The (Almost) Unknown History Of Alcatraz – Fort, Prison, Landmark

Famous for its federal penitentiary, the rocky island's history before and after the penitentiary era is virtually unknown to most visitors. Few know that Alcatraz was the site of the first American lighthouse on the West Coast or that the island was a harbor defense fort during the Civil War.

It was only after the fort became obsolete the the U.S. Army turned the island into a military prison. A century later, and six years after the closing of the penitentiary, Alcatraz history was made once again when the island became the site of one of the most important American Indian protest movements — the Alcatraz Occupation.

10,000 years ago

Alcatraz History

Native Americans were the first to arrive to Alcatraz Island as early as 10,000 years ago.

The Miwok Tribe lived north of the bay in what is known today as Marin County, and the Ohlone lived between Point Sur and the San Francisco Bay. By 1769, when the first Spanish explorers arrived, more than 10,000 First Nations people inhabited the area around the San Francisco Bay.

When Spanish Lieutenant Juan Manuel de Ayala charted the harbor in 1775, he described Alcatraz as a rocky, barren island and named it Island of the Sea Birds (La Isla de Los Alcatraces).

The First Lighthouse & A Military Prison

Alcatraz History

By 1850, when the Gold Rush was raging and California became the thirtieth state, the U.S. army realized that San Francisco Bay was vulnerable to attack.

They fortified the entrance of the harbor with a fort and batteries on Alcatraz Island. It became an important defence position during the American Civil War.

As hundreds of ships headed for San Francisco during the Gold Rush, many were shipwrecked along the treacherous California coastline. In 1854, Alcatraz became the site of the first lighthouse on the Pacific west coast.

As early 1860, the U.S. army began sending convicted soldiers to the Alcatraz fort. As the fort became less important, it gradually became known more as a military prison. Most of the buildings were built by the military prisoners and it would remain a military prison until 1933.

A Federal Penitentiary 1934 – 1963

Alcatraz History

1934 was a monumental date in Alcatraz history. That's when the military prison was transfered to the Bureau of Prisons and was converted into the first state-of-the-art, maximum-security, civilian penitentiary.

It became home to the most dangerous and psychotic criminals, gang leaders and problem offenders. Alcatraz welcomed America's most notorious criminals including mob boss Al Capone and "Machine Gun" Kelly. Conditions were harsh for the inhabitants with inhumane treatment, including long periods of solitary confinement in small rooms without light. The island's tough physical conditions meant that escape would be an impossiblity.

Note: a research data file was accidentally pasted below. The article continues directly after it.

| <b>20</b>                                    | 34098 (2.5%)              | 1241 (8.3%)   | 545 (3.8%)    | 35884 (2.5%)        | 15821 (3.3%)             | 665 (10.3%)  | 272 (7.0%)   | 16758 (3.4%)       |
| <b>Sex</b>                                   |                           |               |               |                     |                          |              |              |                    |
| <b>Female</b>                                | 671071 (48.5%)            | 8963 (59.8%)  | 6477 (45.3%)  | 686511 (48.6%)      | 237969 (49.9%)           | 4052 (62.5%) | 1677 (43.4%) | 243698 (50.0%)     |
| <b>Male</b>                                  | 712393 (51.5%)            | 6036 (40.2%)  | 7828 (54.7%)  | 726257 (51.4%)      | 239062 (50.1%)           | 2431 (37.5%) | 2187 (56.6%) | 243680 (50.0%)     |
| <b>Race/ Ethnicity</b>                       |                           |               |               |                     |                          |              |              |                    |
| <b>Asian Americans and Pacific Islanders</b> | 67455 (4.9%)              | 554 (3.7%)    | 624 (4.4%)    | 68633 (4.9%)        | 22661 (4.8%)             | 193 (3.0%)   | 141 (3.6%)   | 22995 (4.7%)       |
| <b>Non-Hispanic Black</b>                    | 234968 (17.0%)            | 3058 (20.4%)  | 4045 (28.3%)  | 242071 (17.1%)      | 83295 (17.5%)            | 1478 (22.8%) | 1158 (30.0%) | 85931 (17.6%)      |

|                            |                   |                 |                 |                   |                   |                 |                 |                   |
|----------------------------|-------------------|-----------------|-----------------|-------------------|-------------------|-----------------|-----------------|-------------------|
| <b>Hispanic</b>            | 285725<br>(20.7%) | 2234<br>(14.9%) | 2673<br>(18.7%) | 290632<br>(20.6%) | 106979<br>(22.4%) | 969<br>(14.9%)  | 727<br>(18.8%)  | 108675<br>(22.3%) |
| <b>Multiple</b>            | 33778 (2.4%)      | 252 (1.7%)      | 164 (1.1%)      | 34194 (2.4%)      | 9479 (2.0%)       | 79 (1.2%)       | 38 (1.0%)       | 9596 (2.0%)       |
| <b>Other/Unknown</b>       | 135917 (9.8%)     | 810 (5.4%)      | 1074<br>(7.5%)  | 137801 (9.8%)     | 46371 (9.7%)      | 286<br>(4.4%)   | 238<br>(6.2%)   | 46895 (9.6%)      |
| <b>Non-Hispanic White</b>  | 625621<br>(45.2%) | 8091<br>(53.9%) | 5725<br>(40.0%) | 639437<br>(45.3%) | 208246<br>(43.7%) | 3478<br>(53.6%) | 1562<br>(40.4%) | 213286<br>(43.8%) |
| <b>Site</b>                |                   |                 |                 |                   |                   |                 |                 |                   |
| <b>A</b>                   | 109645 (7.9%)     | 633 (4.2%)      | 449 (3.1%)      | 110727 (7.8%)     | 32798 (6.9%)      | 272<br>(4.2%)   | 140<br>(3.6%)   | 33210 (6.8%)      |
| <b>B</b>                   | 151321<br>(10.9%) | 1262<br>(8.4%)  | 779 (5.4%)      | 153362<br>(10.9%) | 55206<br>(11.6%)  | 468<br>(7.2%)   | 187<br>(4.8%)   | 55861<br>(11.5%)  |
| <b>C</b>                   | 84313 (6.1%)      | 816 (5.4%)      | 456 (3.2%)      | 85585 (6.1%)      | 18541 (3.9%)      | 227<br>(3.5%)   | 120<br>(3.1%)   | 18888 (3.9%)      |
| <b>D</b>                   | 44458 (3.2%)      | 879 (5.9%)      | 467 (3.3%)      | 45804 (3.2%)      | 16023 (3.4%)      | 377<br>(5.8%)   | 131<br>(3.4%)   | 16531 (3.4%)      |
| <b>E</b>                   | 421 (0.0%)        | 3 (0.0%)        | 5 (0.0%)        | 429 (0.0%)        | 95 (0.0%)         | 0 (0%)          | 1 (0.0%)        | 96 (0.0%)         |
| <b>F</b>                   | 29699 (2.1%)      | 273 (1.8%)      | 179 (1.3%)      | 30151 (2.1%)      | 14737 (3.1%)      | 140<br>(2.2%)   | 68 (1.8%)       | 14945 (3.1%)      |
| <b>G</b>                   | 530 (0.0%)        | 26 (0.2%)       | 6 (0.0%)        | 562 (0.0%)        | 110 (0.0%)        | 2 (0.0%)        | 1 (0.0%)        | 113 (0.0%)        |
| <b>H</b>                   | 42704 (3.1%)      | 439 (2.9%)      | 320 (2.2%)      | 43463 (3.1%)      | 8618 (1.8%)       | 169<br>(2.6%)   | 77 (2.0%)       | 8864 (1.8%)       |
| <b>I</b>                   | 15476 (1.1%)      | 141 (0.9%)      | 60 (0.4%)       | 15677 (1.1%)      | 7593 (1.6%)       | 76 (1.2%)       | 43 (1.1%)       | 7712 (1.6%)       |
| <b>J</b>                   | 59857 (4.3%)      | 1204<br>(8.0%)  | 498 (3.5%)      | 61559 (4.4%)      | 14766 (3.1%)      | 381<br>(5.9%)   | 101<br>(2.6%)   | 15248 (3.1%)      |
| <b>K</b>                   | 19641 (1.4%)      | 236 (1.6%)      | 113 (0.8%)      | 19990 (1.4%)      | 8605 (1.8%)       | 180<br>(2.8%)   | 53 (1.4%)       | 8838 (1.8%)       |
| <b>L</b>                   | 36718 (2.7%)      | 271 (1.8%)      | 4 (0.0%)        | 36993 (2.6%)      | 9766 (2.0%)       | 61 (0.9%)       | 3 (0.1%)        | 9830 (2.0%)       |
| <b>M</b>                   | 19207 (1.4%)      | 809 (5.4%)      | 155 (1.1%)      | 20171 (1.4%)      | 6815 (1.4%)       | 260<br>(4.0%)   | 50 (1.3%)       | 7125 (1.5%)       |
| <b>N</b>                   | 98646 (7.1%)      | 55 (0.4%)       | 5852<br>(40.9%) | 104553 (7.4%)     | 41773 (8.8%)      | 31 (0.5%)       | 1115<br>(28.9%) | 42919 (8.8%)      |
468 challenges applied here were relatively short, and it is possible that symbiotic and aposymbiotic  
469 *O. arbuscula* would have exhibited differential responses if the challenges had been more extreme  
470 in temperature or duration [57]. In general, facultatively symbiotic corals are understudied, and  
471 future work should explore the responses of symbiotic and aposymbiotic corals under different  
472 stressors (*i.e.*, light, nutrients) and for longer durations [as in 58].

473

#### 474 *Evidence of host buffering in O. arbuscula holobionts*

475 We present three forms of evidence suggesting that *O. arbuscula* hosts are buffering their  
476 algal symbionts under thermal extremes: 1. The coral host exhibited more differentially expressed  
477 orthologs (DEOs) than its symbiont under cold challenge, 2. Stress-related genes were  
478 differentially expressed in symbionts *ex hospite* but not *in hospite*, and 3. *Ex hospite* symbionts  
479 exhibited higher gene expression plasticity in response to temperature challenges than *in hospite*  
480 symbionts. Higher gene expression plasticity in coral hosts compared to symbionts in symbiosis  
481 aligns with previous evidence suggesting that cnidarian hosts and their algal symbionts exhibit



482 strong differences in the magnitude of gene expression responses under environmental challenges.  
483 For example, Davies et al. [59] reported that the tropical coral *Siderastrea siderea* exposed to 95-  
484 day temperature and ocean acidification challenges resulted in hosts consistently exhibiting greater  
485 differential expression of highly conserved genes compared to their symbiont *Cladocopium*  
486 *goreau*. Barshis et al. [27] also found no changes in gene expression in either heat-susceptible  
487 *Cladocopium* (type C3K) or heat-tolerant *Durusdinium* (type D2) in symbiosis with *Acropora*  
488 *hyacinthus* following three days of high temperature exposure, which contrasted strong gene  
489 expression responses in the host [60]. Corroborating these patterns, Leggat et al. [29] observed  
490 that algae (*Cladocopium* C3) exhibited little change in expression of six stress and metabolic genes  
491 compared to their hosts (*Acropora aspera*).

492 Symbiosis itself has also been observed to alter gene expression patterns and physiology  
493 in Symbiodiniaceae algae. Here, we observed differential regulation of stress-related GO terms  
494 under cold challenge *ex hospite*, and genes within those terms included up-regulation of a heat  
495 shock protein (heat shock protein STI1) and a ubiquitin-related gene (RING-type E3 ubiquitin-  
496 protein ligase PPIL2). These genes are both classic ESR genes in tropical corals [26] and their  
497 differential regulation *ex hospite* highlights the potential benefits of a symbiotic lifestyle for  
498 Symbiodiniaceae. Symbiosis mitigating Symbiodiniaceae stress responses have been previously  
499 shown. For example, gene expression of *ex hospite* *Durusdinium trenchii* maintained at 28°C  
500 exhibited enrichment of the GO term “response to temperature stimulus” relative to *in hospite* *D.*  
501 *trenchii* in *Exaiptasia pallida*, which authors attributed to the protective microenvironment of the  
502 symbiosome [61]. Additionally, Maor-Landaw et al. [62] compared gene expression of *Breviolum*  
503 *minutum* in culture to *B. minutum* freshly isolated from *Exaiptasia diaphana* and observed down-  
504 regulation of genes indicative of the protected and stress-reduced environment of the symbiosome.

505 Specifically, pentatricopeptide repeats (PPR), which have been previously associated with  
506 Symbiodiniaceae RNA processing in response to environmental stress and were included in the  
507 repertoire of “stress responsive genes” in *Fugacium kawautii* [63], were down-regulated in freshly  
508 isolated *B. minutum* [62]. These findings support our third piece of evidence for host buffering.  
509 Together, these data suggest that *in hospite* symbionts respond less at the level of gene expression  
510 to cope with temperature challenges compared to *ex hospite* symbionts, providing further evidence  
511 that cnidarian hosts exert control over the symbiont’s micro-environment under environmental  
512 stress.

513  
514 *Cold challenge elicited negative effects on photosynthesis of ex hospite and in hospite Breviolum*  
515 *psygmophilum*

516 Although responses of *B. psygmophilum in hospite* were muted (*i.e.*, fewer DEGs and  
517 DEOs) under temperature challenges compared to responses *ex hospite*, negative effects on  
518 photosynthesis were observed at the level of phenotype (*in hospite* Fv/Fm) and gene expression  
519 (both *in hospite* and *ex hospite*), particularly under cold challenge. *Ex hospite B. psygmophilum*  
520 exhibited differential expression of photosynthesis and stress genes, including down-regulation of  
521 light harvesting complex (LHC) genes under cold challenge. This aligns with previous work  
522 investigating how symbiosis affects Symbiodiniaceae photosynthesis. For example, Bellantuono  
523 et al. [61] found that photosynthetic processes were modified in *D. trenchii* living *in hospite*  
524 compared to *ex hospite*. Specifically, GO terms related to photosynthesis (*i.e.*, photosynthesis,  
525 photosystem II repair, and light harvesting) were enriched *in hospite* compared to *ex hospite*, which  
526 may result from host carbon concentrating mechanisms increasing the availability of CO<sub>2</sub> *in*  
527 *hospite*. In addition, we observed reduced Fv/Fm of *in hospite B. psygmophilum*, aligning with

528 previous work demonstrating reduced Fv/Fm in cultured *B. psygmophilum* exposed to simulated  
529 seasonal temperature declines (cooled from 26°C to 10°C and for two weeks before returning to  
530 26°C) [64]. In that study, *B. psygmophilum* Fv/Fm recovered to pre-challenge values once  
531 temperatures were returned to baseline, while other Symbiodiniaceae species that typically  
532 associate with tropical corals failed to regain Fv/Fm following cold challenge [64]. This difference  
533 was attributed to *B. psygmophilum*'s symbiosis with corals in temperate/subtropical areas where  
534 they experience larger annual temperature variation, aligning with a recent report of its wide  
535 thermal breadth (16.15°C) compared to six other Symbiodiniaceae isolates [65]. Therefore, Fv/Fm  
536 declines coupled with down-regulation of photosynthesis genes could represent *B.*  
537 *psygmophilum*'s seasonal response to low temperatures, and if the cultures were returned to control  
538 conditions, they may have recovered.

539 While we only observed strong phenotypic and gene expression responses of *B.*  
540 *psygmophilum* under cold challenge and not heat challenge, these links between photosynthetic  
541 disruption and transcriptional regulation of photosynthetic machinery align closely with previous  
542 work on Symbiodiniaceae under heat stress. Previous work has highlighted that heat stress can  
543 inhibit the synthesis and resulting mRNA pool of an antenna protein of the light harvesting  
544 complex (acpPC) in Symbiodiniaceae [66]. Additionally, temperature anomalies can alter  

Although Alcatraz was a prison for only 29 years, its legacy continues as one of the most brutal jails in the history of the country.

Courts could not sentence anyone directly to Alcatraz, they had to be transfered there from other federal prisons. Alcatraz became the final stage for criminals who were too unorderly and hard to handle in ordinary prisons. On average, an Alcatraz sentence lasted about five years before the convicts either died or were reintroduced to lower-security prisons.

The Alcatraz Blastout of 1946

Alcatraz History

In May of 1946 a failed escape attempt by six prisoners led to the worst riot in the prison's history. It quickly became known as the Alcatraz Blastout.

Three prisoners and two guards were killed in the 3-day standoff ended finally by US Marines.

There was a media frenzy surrounding the sensational event and coverage lasted for days. Newspapers described the events in detail —

Alcatraz Revolt – The Second Day – Shot in Cold Blood, I Lay There 10 Hours'

It was Joseph Paul Cretzer – "Dutch Joe," the bank robber and cop killer, who went wild with a .45. "1 was shot down in cold blood by Cretzer," said Guard Robert R Baker. Baker lay playing dead in the cell block for 10 hours.

But it was crafty little Bernard Coy, a Kentucky bank robber who sprung 24 hardcore convicts from their cells. Guards said Coy, probably cleaning windows, reached through the bars of the gun gallery and caught Guard Burch around the throat with a T-shaped squeegee.

He dragged Burch against the bars and slugged him. With a handful of keys, a rifle and revolver, Coy threw the release switch on the cells. Coy kept the rifle. Cretzer, the killer and escape artist, got the pistol…

The three prisoners who were not killed were tried and convicted for the murder of the guards.

But the notorious prison was destined for new things in its future. Read more about it in —

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